Scientists want to bring back an extinct Australian marsupial that’s been dead for almost a century.

Researchers at the University of Melbourne have partnered with US biotech firm Colossal to reintroduce the Tasmanian tiger to its native habitat.

The team have already sequenced the genome of a young specimen, which they will use as a blueprint to try and ‘de-extinct’ the species.

Scientists want to convert stem cells from similar species, the fat-tailed dunnart, into those of the Tasmanian tiger or ‘thylacine.’

These resulting cells would hopefully be very similar to those of the real marsupial, The Guardian reports.

Researchers would then use these and create embryos that develop into fully-fledged marsupials.

But this would involve reproductive technology that has not yet been developed.

Tasmanian tigers are dog-like animals with stripes on their bags. Although sightings have been reported for years, the last known specimen died in captivity in the 1930s.

‘Fairytale science’

The university has recieved serious financial backing for the project, with a £3m donation given to the lab earlier this year.

But other scientists have questioned how realistic the plans to really are.

Jeremy Austin, associate professor from the Australian Centre for Ancient DNA, told the Sydney Morning Herald: ‘De-extinction is a fairytale science.’

The news, he added, was ‘more about media attention for the scientists and less about doing serious science.’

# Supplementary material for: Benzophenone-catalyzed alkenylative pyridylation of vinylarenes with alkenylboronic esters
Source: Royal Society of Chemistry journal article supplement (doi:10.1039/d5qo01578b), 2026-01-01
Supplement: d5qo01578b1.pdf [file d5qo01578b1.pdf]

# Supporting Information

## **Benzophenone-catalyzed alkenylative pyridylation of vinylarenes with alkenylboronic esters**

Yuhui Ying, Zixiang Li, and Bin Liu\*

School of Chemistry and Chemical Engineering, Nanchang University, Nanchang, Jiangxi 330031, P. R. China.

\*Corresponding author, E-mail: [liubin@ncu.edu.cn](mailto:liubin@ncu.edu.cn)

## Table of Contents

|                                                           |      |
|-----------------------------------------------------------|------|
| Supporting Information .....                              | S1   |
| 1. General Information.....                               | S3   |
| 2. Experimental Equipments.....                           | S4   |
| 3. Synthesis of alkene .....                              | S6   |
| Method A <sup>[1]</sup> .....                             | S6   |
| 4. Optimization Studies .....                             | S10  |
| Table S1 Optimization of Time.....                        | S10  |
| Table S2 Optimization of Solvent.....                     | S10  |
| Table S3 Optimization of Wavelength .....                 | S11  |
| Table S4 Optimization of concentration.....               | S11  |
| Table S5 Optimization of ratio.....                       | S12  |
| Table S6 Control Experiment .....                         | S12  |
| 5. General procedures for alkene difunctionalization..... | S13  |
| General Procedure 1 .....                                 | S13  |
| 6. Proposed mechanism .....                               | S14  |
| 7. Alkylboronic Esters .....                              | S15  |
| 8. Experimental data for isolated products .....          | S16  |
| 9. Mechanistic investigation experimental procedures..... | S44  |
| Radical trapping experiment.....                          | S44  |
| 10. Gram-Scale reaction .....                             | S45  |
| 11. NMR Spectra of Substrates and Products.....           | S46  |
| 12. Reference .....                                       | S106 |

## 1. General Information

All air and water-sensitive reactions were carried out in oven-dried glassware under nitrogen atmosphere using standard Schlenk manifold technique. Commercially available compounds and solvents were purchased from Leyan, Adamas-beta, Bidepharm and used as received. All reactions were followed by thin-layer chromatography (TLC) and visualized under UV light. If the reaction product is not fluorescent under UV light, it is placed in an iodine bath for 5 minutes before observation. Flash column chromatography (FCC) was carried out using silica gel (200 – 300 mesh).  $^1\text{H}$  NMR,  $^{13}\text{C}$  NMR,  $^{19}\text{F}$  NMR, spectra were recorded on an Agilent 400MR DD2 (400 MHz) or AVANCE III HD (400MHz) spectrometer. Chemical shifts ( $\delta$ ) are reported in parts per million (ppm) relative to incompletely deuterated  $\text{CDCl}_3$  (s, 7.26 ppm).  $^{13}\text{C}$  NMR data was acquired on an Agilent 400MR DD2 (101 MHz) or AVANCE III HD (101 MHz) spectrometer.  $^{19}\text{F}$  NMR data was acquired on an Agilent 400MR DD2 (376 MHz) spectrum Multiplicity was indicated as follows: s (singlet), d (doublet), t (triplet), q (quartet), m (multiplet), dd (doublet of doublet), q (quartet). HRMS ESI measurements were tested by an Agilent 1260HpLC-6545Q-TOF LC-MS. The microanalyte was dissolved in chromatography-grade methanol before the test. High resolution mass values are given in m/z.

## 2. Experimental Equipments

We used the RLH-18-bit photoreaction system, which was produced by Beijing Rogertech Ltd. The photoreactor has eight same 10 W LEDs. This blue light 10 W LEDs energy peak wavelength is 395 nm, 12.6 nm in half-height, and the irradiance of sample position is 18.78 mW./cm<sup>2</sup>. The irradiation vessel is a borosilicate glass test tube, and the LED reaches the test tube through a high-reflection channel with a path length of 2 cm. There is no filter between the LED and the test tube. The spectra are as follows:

Corey Bradshaw, a professor in global ecology at Flinders University, told The Guardian: ‘Even if you can do it [in the lab] — and I have my doubts about that — how do you create the thousands of individuals of sufficient genetic variation you need to create a healthy population?’

But the firm remains positive, with Colossal co-founder and tech entrepreneur Ben Lamm saying: ‘I think it’s highly probable this could be the first animal we de-extinct.’

He added that Colossal — which has previously announced plans to recreate woolly mammoths — wants to achieve their goal in less than six years.

University of Melbourne professor Andrew Pask, who is leading the project, accepted there were significant challenges.

But he added: ‘We have to look at other technologies and novel ways to do that if we want to stop this biodiversity loss,

‘We have no choice. I mean, it will lead to our own extinction if we lose 50% of biodiversity on Earth in the next 50 to 100 years.’

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